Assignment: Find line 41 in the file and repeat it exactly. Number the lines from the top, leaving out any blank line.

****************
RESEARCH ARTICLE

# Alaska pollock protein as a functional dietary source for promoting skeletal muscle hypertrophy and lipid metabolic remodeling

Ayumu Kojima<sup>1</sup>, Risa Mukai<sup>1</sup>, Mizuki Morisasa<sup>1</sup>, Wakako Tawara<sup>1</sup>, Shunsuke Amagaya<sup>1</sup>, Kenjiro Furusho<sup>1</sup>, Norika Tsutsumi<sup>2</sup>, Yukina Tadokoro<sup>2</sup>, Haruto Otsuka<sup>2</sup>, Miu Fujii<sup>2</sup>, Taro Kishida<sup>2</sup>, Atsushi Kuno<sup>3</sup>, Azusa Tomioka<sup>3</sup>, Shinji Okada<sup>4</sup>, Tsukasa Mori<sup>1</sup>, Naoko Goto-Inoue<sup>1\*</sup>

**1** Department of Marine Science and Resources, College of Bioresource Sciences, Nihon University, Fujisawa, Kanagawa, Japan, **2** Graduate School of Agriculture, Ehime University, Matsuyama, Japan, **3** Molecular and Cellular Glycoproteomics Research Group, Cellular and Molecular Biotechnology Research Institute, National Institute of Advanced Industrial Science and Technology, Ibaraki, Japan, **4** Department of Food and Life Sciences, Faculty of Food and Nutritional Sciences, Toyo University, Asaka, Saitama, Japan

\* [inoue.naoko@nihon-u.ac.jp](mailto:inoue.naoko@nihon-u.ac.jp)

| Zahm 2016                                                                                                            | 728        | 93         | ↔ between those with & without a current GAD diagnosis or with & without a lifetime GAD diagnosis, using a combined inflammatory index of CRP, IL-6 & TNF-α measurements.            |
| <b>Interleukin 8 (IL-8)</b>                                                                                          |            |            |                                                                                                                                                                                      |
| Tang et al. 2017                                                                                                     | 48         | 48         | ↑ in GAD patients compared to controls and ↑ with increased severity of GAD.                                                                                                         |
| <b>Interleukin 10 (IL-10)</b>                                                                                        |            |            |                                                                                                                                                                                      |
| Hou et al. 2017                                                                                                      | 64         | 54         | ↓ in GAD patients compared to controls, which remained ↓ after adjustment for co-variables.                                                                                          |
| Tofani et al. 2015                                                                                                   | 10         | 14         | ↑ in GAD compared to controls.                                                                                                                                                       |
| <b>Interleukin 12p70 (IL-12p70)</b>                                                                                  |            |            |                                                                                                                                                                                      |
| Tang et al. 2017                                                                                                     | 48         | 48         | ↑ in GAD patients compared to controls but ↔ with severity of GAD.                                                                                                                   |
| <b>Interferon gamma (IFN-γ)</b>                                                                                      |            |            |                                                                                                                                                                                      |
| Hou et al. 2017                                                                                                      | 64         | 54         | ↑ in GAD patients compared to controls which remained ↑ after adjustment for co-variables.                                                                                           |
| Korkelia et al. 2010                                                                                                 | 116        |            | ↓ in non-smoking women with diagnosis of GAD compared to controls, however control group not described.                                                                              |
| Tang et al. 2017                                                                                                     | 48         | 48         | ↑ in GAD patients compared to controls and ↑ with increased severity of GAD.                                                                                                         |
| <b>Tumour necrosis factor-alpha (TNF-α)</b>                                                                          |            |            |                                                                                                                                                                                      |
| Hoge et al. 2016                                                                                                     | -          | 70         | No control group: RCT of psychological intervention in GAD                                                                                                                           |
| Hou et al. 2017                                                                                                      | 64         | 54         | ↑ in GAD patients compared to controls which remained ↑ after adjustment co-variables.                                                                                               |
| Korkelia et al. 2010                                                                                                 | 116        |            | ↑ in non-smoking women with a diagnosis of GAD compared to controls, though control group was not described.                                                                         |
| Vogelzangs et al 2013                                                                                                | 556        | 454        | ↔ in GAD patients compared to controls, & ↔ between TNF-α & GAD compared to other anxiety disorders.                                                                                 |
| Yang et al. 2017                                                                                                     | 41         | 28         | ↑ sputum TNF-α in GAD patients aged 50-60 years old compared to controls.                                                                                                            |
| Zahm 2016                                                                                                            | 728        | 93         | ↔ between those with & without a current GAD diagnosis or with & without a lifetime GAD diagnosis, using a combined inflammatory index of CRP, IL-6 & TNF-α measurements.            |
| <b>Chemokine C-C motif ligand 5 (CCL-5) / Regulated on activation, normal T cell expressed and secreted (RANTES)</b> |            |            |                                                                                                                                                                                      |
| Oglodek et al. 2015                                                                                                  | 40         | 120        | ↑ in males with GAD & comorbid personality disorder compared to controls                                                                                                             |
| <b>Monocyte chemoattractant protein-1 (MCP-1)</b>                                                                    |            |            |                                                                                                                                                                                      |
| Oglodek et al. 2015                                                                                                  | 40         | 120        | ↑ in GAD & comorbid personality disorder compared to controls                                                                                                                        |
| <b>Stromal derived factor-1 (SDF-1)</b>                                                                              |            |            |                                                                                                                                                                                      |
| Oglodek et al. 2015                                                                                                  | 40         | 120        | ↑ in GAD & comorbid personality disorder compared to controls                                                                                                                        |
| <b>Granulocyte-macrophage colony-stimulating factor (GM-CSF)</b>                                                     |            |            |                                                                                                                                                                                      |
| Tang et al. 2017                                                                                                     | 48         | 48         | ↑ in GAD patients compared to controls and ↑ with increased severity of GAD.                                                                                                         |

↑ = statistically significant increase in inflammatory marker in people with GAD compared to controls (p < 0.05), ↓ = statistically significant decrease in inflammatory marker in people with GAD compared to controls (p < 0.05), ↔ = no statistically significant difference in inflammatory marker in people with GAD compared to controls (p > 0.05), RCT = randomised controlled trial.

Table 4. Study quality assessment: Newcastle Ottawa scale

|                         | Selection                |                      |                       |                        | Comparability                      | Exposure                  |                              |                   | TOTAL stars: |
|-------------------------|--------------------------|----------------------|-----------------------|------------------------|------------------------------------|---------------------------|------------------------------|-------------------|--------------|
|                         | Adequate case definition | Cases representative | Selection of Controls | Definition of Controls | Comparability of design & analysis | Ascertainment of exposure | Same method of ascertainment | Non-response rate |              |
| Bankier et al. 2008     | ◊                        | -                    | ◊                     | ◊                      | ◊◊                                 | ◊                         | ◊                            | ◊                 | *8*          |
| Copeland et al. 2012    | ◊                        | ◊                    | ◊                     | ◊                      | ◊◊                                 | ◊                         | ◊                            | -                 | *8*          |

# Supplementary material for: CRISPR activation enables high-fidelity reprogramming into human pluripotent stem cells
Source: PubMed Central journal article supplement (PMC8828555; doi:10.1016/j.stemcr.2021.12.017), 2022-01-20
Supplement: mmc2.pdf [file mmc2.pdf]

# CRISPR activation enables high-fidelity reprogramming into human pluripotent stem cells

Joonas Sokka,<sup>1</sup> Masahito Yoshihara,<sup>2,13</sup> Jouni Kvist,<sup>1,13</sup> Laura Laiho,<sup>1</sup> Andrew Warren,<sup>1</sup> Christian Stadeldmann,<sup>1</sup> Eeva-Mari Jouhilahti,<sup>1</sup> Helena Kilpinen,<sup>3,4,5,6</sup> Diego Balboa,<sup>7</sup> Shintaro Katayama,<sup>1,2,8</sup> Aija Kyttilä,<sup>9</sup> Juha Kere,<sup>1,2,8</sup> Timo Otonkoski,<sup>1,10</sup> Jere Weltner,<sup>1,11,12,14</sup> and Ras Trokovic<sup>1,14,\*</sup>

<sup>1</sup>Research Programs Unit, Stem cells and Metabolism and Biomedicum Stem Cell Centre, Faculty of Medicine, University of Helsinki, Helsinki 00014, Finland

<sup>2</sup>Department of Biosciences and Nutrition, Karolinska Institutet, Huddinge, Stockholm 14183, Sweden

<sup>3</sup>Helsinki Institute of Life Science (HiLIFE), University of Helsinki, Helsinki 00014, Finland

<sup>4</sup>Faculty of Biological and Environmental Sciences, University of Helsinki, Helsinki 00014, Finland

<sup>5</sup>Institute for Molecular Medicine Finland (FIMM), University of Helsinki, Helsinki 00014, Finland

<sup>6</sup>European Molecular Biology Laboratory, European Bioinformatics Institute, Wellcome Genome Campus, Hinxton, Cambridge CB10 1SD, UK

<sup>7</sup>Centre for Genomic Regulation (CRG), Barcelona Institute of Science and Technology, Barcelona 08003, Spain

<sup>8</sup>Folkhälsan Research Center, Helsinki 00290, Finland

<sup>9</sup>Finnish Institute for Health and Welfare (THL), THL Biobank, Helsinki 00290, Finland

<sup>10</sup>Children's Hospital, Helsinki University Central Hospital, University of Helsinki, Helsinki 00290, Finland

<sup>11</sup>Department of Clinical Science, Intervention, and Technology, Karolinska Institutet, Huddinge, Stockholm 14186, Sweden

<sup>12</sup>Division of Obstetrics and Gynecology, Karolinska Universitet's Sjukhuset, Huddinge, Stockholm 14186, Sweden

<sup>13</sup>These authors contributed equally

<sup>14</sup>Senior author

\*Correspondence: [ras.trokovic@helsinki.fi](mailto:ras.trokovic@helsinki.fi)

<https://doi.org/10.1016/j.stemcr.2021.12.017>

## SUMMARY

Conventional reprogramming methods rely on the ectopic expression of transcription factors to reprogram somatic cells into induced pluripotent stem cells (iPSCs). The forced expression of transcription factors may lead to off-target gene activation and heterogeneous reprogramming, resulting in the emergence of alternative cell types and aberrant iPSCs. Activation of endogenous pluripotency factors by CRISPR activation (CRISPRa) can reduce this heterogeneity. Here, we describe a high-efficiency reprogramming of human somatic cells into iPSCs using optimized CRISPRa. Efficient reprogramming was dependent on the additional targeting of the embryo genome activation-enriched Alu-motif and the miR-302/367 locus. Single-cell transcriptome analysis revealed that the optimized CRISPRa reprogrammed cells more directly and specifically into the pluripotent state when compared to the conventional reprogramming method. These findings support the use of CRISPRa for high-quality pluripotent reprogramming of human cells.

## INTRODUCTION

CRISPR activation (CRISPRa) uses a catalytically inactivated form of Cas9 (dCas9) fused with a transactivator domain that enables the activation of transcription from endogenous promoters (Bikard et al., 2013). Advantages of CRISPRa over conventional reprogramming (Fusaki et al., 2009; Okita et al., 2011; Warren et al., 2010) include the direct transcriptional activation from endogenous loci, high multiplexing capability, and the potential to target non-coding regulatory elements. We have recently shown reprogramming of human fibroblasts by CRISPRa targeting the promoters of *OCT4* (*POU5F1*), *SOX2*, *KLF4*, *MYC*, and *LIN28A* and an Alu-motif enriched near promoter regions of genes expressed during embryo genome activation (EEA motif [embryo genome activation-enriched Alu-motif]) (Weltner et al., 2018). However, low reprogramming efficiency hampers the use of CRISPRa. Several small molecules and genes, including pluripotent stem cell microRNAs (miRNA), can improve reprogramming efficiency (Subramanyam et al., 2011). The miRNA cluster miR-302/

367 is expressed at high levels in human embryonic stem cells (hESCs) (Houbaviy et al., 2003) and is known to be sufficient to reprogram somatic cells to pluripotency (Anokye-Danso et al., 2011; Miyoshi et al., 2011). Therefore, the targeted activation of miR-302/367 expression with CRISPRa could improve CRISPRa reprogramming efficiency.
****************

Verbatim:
Source: PubMed Central journal article supplement (PMC8828555; doi:10.1016/j.stemcr.2021.12.017), 2022-01-20